Those who support neither only want a different league winner so that their club, specifically, can be champions. Atleti, Los Colchoneros (the mattress makers), are the contenders in question right now.
Even if there's a general sang-froid about Madrid winning their 10th European Cup, and a related desire that they trip up at the final hurdle, I suspect that where memories are long in the Scottish football community Atletico's name is not being whispered with reverent hope and optimism.
That Los Merengues are seeking La Decima only serves to underline, brutally, that their opponents not only do not have a single notch on the European Cup bedpost, but also that last time they disturbed the continental bedclothes they were given a pretty royal seeing-to.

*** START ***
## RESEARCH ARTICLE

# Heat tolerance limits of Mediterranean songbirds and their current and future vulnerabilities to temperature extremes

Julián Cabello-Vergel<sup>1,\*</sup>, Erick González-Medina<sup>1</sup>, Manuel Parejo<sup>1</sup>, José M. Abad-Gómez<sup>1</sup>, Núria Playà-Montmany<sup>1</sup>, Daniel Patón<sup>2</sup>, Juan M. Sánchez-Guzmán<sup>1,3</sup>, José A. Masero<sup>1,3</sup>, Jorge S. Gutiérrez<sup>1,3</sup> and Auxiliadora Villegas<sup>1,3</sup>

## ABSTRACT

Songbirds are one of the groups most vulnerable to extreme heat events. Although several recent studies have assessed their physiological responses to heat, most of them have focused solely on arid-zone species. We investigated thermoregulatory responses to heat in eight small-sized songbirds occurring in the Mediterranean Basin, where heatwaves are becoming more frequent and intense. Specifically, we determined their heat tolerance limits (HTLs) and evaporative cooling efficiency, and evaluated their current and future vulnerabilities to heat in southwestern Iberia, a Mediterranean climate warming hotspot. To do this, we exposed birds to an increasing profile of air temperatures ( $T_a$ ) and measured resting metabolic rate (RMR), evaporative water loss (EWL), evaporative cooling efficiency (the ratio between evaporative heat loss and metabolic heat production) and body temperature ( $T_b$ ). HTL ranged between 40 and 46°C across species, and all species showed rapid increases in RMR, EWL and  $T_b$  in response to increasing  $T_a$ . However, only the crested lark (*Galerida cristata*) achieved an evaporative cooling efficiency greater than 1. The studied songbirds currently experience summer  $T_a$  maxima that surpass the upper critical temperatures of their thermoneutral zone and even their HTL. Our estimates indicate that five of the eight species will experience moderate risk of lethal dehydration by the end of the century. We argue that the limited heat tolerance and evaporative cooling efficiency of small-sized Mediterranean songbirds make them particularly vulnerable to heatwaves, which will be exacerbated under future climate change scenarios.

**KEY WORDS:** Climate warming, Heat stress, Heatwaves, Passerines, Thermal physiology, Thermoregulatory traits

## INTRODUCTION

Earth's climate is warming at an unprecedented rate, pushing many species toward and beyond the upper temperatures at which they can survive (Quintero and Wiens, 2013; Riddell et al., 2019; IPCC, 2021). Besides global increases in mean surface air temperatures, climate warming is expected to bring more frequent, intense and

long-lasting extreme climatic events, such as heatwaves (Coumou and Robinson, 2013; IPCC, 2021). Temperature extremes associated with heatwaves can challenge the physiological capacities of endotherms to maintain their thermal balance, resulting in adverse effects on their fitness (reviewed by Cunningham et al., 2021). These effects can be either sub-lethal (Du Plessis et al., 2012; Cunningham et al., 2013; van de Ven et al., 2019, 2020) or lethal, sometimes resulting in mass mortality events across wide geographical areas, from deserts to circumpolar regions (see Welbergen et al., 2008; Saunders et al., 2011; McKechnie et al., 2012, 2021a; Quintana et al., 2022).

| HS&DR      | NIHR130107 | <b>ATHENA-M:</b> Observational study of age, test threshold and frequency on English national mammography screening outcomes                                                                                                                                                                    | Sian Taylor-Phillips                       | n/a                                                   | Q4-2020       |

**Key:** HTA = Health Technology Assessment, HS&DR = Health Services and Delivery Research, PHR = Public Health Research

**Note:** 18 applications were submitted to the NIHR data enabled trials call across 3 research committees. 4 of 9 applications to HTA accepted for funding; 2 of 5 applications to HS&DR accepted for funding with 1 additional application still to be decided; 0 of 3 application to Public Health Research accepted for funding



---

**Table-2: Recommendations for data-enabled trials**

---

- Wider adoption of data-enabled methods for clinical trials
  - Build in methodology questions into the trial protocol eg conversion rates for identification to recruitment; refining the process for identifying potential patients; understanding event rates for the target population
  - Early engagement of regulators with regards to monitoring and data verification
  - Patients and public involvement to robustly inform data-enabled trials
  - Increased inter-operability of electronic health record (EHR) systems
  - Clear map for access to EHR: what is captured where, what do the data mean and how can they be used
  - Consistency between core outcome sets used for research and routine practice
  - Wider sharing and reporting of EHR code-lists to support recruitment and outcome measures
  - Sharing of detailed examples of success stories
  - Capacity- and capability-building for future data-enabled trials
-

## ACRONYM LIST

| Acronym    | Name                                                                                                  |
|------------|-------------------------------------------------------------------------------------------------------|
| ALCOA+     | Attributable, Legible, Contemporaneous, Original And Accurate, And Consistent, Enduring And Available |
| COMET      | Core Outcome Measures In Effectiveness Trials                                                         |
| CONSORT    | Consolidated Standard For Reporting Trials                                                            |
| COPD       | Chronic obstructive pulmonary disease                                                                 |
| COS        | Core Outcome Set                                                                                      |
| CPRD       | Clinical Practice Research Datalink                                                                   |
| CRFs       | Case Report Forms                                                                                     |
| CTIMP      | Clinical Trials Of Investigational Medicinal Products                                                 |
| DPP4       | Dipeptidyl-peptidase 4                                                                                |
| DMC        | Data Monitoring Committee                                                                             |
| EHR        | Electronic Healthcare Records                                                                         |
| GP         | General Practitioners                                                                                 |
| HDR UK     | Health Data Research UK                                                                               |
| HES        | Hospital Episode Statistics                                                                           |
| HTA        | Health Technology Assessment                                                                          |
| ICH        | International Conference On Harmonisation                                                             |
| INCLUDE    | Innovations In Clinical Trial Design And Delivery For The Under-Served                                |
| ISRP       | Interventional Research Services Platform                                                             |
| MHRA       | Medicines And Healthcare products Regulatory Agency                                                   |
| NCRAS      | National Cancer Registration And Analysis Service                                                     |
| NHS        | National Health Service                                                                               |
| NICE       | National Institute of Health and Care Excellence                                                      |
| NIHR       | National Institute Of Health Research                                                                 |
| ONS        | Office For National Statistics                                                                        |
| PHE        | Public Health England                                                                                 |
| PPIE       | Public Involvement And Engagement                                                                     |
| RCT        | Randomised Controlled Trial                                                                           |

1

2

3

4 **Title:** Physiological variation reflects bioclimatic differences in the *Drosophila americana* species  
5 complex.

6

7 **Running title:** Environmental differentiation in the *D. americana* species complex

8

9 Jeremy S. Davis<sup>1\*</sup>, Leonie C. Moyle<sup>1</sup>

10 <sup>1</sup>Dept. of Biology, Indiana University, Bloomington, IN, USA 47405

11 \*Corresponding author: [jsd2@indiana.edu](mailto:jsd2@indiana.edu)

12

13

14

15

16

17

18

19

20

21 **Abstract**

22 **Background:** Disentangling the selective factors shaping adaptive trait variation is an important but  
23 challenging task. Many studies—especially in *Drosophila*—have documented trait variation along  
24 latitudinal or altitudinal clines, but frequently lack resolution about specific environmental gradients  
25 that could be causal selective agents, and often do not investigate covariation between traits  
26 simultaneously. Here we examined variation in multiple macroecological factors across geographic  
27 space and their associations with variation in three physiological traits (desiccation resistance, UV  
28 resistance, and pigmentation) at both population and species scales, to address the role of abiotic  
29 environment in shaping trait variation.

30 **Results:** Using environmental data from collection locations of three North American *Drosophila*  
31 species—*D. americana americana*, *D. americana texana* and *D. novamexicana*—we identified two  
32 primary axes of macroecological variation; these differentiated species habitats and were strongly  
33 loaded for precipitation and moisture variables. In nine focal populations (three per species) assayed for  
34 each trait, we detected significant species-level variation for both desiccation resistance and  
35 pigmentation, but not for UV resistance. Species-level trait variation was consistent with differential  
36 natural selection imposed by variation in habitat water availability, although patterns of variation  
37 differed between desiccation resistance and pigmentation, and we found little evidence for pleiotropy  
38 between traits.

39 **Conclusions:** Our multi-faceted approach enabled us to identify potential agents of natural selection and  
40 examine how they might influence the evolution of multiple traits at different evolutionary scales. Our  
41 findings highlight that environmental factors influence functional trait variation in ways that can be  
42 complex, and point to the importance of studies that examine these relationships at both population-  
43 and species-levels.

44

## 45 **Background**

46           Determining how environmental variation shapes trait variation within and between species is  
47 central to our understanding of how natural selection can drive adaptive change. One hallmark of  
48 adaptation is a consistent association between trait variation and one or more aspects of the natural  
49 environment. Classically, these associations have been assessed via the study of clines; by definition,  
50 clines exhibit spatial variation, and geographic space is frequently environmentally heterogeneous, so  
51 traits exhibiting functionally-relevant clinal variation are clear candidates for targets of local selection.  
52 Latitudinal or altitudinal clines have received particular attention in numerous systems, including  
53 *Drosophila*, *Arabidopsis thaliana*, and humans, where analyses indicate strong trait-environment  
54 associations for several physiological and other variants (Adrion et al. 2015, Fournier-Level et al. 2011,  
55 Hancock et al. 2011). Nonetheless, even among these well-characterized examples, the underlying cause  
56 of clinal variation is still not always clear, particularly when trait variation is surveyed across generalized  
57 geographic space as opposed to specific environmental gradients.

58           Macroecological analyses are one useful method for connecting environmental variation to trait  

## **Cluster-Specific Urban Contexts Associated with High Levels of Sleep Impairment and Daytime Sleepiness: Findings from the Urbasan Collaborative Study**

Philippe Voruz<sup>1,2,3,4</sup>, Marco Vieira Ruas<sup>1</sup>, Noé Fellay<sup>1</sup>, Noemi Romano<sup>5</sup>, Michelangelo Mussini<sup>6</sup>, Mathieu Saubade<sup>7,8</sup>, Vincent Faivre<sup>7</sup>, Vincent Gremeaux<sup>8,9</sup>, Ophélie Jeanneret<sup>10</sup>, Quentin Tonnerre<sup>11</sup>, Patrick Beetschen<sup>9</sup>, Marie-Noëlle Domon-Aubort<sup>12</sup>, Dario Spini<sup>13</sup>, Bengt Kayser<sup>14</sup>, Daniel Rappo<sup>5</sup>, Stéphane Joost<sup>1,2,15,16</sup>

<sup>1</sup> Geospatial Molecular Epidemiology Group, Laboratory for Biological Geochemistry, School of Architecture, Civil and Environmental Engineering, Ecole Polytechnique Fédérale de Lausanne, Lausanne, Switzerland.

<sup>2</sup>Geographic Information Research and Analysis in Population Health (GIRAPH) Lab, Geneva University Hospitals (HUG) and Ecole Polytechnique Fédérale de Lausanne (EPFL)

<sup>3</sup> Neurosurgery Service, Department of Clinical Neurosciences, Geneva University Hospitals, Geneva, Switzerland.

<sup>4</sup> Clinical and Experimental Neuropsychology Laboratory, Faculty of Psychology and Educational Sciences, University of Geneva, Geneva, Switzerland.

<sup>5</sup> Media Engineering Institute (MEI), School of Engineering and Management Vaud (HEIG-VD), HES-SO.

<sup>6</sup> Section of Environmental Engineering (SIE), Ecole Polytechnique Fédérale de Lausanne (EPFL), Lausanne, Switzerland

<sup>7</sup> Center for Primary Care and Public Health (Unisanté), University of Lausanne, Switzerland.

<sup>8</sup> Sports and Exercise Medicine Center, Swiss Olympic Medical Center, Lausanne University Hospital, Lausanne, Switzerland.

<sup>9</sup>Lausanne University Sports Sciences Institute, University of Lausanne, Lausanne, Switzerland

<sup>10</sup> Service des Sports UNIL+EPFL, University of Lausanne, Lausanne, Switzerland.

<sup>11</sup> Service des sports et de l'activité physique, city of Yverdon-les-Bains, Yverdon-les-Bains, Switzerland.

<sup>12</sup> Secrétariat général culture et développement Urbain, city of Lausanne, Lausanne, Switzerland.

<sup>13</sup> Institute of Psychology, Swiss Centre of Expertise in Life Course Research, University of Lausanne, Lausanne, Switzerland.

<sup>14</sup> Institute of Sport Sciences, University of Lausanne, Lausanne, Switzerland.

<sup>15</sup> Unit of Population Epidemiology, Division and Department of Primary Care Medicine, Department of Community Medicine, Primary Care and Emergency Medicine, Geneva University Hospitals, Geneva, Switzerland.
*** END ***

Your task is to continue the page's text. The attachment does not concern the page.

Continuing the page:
Atleti haven't been to the continental summit for exactly 40 years and when they were there found that they were incontinent.
They lost 4-0 in a replay of the 1974 final against European royalty Bayern Munich, who were two-thirds of the way through their three-on-the-bounce successes which followed the tournament hat-trick Ajax had just registered. Six straight years of European predominance shared by two clubs
Atleti had the chance to end it because they led 1-0 against the Bavarians with nano-seconds left (thanks to the late Luis Aragones' fabulous free-kick) only for Pepe Reina's old man to be beaten by a huge, speculative Schwarzenbeck drive that shouldn't really have gone in but did.
This allowed Bayern to make sure Atleti were reduced to court jesters, rather than Dauphins.
Of course, that lederhosen triumph was celebrated by many in Scotland. The last time the red-and-white half of Madrid made it to this altitude they did so by homicidally shoving Celtic over the precipice and cutting their support ropes.